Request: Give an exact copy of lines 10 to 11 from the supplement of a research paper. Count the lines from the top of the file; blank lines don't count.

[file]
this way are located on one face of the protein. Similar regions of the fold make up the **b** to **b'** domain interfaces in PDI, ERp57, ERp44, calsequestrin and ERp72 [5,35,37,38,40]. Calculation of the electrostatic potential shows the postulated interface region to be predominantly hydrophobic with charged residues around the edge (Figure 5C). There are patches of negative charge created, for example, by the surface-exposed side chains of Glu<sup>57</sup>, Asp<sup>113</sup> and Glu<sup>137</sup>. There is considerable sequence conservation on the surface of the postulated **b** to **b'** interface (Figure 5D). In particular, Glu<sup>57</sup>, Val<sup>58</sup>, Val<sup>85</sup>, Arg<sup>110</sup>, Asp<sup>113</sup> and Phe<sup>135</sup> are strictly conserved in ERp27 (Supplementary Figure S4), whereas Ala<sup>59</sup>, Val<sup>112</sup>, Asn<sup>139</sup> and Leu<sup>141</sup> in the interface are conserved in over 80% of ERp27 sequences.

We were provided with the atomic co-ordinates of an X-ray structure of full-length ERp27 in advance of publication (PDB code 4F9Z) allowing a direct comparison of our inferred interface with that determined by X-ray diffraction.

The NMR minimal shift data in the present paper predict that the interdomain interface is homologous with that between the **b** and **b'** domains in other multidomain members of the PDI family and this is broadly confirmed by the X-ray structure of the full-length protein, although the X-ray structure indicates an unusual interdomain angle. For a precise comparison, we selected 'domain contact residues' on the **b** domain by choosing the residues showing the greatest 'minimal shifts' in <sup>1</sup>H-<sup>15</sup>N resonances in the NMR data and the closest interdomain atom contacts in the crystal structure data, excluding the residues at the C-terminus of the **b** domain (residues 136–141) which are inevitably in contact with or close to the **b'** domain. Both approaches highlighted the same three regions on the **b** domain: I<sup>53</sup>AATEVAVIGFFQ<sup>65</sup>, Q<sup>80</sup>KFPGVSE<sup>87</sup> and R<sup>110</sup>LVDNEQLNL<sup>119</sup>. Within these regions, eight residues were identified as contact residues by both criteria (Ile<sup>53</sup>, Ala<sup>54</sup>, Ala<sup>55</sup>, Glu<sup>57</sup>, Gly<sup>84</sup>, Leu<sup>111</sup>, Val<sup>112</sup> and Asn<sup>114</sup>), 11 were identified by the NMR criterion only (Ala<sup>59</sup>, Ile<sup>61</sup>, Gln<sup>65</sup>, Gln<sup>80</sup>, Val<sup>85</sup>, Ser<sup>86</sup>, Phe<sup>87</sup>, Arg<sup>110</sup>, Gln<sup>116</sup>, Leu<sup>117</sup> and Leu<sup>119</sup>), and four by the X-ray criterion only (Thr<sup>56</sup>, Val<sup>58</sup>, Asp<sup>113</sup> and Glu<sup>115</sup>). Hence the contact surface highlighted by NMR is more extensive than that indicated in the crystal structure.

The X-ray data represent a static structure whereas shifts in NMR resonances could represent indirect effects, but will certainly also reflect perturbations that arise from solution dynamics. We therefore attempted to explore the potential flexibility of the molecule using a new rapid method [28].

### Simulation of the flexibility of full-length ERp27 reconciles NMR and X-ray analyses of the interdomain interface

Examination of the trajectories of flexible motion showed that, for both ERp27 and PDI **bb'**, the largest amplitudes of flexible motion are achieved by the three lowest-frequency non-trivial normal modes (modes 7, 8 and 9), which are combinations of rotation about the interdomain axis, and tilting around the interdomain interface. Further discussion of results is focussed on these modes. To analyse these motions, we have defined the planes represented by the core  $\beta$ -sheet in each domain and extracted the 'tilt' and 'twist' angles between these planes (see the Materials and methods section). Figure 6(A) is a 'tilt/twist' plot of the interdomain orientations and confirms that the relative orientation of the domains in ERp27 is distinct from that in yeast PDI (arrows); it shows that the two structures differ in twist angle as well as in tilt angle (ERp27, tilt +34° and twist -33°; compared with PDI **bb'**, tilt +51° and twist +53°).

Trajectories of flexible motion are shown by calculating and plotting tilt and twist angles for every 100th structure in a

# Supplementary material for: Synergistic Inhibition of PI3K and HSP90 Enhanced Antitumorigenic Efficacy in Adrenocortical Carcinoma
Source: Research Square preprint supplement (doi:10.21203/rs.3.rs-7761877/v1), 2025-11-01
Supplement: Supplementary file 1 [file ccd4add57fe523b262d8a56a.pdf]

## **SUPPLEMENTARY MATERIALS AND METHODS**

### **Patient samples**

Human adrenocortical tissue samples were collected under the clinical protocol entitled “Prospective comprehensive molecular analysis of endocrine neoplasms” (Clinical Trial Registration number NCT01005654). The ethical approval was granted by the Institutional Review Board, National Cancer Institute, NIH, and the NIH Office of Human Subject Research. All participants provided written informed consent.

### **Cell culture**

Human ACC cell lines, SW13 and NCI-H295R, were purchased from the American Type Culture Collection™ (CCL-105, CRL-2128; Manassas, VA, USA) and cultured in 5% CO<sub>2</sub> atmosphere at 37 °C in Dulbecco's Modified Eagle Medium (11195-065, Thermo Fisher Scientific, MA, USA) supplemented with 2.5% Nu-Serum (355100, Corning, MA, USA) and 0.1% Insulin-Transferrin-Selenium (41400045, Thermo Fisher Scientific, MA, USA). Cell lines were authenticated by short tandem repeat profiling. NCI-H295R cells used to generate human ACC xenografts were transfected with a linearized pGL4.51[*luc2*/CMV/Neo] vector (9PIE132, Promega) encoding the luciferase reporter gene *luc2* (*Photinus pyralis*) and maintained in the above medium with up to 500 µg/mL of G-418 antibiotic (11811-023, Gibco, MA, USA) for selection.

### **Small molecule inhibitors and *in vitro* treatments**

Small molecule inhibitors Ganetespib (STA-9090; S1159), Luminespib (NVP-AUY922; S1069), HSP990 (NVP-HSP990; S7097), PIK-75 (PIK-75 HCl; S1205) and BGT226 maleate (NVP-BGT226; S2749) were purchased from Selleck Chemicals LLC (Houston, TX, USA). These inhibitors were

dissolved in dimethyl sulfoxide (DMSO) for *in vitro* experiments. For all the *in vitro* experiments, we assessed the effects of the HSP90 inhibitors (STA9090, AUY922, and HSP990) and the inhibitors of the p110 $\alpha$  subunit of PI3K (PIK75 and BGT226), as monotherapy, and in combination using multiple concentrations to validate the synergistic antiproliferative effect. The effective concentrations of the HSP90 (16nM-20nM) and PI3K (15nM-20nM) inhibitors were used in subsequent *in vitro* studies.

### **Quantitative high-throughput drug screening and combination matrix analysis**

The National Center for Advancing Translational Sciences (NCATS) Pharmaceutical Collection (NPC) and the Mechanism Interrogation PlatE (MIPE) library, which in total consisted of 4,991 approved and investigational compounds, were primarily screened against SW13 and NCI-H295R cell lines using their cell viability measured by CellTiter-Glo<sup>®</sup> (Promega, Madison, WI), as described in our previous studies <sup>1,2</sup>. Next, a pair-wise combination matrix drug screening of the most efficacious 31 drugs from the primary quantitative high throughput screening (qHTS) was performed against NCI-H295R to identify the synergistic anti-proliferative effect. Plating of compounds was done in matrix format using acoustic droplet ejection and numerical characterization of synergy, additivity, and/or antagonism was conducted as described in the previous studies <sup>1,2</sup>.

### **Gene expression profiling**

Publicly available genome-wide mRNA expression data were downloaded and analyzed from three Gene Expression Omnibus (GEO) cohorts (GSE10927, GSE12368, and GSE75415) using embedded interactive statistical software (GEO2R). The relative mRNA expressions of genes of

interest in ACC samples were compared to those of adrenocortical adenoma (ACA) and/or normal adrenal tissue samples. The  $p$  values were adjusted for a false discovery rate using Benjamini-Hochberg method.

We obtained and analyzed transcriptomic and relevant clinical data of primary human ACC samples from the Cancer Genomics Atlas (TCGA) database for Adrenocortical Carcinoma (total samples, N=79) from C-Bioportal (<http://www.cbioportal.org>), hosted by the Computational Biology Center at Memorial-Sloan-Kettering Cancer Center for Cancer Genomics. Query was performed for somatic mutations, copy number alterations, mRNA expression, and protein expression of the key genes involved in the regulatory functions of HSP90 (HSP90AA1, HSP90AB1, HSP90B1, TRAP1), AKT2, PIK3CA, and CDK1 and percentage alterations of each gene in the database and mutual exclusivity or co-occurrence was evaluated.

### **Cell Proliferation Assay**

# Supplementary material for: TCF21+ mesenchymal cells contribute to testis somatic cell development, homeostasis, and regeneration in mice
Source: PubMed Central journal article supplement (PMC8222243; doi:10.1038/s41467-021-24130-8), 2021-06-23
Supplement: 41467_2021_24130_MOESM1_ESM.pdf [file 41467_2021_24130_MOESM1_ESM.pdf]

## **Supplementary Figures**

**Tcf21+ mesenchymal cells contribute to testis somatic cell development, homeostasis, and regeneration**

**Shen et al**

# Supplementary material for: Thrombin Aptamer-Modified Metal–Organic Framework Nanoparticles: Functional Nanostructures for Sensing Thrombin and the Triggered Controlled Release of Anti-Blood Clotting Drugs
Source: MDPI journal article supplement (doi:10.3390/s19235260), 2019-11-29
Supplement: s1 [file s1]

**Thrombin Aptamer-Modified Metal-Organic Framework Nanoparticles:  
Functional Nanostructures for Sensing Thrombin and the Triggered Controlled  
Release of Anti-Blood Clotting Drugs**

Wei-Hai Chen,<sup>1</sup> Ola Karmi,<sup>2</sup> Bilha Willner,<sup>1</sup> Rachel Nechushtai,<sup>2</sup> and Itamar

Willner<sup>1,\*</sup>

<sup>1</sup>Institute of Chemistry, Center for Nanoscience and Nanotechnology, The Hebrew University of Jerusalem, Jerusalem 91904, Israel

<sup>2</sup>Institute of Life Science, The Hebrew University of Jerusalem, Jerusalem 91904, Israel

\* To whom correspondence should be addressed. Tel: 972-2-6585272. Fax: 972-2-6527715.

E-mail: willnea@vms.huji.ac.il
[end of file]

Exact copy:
Supplement: Supplementary file 1 [file ccd4add57fe523b262d8a56a.pdf]

## **SUPPLEMENTARY MATERIALS AND METHODS**